Superstorm Sandy. The fiscal cliff. Twinkiecide. Talk about sounding the alarm. Lately, events have been so ominous that a person could be persuaded that the Mayans were on to something, apocalypse-wise.
Still, during this Thanksgiving week, we do have something new to be thankful for -- massively thankful, in fact. Particularly apt for the sweet-potato-based holiday, this gift comes to us via the earth: it’s an agricultural miracle! Not only will it be a windfall for our economy, moving us off that cliff through new tax revenues that could go to hospitals and schools, it will also take the strain off our prison and judicial systems, improve the general health of the populace, lower the number of drunk drivers on the road, and end gang violence from Mexican drug cartels. Incidentally, it might save the the advertising business.
Packaging, design, marketing, publishing -- the sky’s the limit. (At the very least, think of all those fans and lights to be sold!)
It starts with C and has a B and stands for cool. Yup, it’s cannabis, man -- aka, the marijuana stimulus package, coming soon to a state near you.
Sadly, since Nov. 6, we’ve been so collectively obsessed with the wayward babes of the Petrashian scandals or photoshopping tiny coffins for the Twinkie (and it looks like curtains, at this stage) that aside from a few giggly, embarrassed newscasters dancing around announcing the news, we haven’t taken time to think about the economic aftermath of bold ballot initiatives in Colorado and Washington that legalized the recreational use of marijuana. And it’s not just for Democrats: in the mile-high state, more people voted for marijuana legalization than for Obama’s reelection. In addition, Massachusetts approved the use of medical marijuana, joining the wave of 17 other states.
Obviously, it’s not your pothead father’s ganja anymore. We’re not talking Amsterdam, or old-fashioned head shops, bongs, or Cheech-and-Chong-style low-tech stoners. Rather, the future belongs to Ganjapreneurs who are getting into sophisticated gourmet items, like marijuana-laced candy, olive oil, ice creams, and chocolate truffles. (It’s the thing itself and the munchy -- in one! And these are much more expensive goodies than Twinkies!)
There are also marijuana-medicated beverages and capsules in various strains that could be marketed like the range of ales that microbrewers sell. In all, more than 25,000 different products can be made from the crop, not to mention all the hemp-related fodder that could reinvigorate the automotive and stand-up comedy industries.
The big unknown, still, is how quickly the federal government will allow a regulated marijuana market to take shape. At this point, however, it’s inevitable -- and then banks will free up money to make loans and the biz will grow exponentially. One study predicted that the roughly $2 billion medical marijuana industry could reach $9 billion by 2016. Think of the opportunity that pot in all its legal permutations could present for Big Tobacco, for instance.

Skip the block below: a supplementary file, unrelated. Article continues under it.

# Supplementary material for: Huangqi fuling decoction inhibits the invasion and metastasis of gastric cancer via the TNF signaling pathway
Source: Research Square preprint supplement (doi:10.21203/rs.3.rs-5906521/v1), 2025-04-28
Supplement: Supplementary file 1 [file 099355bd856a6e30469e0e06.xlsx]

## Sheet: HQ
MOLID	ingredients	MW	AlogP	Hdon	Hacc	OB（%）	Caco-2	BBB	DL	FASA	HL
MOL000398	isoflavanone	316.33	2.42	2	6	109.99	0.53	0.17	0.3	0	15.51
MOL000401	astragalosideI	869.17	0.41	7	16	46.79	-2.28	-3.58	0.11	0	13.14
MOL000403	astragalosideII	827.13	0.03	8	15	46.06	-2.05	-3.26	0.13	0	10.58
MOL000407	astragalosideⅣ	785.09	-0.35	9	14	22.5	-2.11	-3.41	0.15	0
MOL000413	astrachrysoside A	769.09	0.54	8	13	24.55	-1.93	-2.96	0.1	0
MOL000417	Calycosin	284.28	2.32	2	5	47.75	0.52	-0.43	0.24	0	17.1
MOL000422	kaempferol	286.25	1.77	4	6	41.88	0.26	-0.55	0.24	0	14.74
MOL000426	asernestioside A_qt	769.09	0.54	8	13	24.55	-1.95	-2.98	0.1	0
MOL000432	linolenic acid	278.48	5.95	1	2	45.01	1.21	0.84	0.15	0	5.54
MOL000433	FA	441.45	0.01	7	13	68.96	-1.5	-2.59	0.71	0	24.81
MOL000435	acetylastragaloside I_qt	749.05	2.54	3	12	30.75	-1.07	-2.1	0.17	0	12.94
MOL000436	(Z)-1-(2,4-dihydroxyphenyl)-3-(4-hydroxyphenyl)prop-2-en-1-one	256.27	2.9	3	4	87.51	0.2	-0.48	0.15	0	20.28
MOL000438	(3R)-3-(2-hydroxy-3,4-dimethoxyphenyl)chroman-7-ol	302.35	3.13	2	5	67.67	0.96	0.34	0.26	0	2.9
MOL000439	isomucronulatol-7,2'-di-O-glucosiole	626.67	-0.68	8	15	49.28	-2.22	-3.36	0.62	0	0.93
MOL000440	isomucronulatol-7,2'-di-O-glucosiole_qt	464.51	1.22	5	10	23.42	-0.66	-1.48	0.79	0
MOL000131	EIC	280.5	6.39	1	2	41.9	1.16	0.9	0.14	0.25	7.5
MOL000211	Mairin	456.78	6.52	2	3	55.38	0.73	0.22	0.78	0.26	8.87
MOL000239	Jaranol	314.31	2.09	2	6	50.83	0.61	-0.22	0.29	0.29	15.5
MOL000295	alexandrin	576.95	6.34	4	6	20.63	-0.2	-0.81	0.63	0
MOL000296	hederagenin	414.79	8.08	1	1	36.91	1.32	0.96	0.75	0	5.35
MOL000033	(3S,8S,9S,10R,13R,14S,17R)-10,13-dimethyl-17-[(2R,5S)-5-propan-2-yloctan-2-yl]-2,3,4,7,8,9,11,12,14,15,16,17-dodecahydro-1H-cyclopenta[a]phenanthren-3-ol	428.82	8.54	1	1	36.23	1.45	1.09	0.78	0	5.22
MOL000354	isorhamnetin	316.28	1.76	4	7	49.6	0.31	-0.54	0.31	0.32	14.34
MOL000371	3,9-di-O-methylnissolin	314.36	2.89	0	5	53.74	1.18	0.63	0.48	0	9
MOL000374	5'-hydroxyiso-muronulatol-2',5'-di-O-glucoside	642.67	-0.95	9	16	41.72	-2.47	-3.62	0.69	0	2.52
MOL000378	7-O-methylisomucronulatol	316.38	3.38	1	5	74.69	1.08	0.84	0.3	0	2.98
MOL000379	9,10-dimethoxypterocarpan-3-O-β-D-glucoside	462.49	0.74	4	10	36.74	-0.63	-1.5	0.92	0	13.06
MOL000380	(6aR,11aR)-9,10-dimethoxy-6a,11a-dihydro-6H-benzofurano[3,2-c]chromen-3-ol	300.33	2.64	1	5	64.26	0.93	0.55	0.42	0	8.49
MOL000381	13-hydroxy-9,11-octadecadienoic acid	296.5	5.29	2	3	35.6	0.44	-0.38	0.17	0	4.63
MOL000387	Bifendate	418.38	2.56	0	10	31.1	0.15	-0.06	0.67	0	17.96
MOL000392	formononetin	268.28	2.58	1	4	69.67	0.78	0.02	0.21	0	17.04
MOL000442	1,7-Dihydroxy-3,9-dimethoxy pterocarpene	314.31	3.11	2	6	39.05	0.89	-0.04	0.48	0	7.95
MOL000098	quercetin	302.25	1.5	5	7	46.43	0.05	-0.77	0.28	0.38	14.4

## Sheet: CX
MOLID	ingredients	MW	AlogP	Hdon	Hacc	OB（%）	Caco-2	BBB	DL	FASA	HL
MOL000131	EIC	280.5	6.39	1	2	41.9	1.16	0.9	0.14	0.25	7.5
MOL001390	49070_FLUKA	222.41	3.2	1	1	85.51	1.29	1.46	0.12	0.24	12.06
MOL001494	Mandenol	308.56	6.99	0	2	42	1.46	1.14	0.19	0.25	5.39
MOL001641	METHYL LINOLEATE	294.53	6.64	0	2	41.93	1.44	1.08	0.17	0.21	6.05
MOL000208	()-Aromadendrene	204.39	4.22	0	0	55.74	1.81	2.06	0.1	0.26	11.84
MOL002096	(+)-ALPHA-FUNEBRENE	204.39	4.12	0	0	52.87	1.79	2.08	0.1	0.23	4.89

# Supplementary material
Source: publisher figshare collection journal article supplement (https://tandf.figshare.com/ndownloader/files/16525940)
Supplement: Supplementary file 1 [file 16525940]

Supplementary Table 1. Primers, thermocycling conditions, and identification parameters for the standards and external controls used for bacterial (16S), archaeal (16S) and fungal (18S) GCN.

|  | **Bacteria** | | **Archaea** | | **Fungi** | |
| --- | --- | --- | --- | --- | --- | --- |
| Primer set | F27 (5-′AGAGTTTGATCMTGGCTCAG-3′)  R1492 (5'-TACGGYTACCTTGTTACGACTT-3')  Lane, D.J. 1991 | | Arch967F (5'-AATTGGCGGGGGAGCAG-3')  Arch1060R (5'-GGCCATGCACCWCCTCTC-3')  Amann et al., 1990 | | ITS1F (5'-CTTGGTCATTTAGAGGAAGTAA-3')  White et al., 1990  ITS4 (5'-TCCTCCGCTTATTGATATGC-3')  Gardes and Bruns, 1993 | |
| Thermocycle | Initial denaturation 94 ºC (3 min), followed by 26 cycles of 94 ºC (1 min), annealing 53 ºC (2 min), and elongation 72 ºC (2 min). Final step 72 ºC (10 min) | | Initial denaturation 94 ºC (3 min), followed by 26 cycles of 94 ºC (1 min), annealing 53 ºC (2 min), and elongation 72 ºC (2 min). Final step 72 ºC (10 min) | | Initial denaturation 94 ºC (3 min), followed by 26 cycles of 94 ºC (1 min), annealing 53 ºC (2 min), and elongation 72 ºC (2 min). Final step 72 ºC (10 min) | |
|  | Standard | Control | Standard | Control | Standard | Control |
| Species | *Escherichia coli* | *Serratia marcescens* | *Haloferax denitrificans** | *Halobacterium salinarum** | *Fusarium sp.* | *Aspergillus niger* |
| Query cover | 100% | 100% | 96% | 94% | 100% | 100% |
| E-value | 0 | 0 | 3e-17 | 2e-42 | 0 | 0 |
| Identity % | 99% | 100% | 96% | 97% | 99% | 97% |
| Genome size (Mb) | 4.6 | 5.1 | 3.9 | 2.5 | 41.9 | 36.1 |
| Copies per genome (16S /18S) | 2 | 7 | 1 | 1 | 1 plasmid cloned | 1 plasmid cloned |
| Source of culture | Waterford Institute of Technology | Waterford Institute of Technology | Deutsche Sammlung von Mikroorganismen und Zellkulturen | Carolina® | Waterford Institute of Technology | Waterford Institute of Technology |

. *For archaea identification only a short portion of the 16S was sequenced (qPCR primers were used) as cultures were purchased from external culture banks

Ironically, given a little pot production, companies that in this country are now uniformly despised as merchants of death could rehabilitate their images. They’re already set up for manufacturing, distribution, packaging, and marketing. That would also mean massive infusions of advertising money into the media, (and perhaps huge print initiatives could make magazine publishing viable again.) If the advertising is regulated differently, these new pot products might even allow the tobacco companies to get their names back on TV.
Which reminds me of a certain scene in the pilot episode of “Mad Men” involving a fictional Lee Garner Jr. and the actual cigarette brand, Lucky Strikes. After the Surgeon General’s rumblings on the danger of tobacco, the companies were no longer allowed to make health claims in their ads. This resulted in a very tense, smoke filled conference room scene between Don Draper and the Sterling Cooper crew and Garner and his father.
After a few false starts, our starched and Brylcreemed hero saved the day by coming up with the phrase “It’s toasted.” (Which the brand had actually used in 1911.) Garner Sr. pointed out that every cigarette brand was toasted. Don responded that that was beside the point. Working his patented magic on the room, he then explained the meaning of advertising: “Advertising is based on one thing,” he said. “Happiness. The smell of a new car, the freedom from fear, that massive billboard on the side of the road that screams that whatever you’re doing, it’s okay,” he said. “You are okay.”
And now, in the midst of all of this apocalypse, we need to hear “You are okay” more than ever. We’re not toast. Rather, we’re toasted.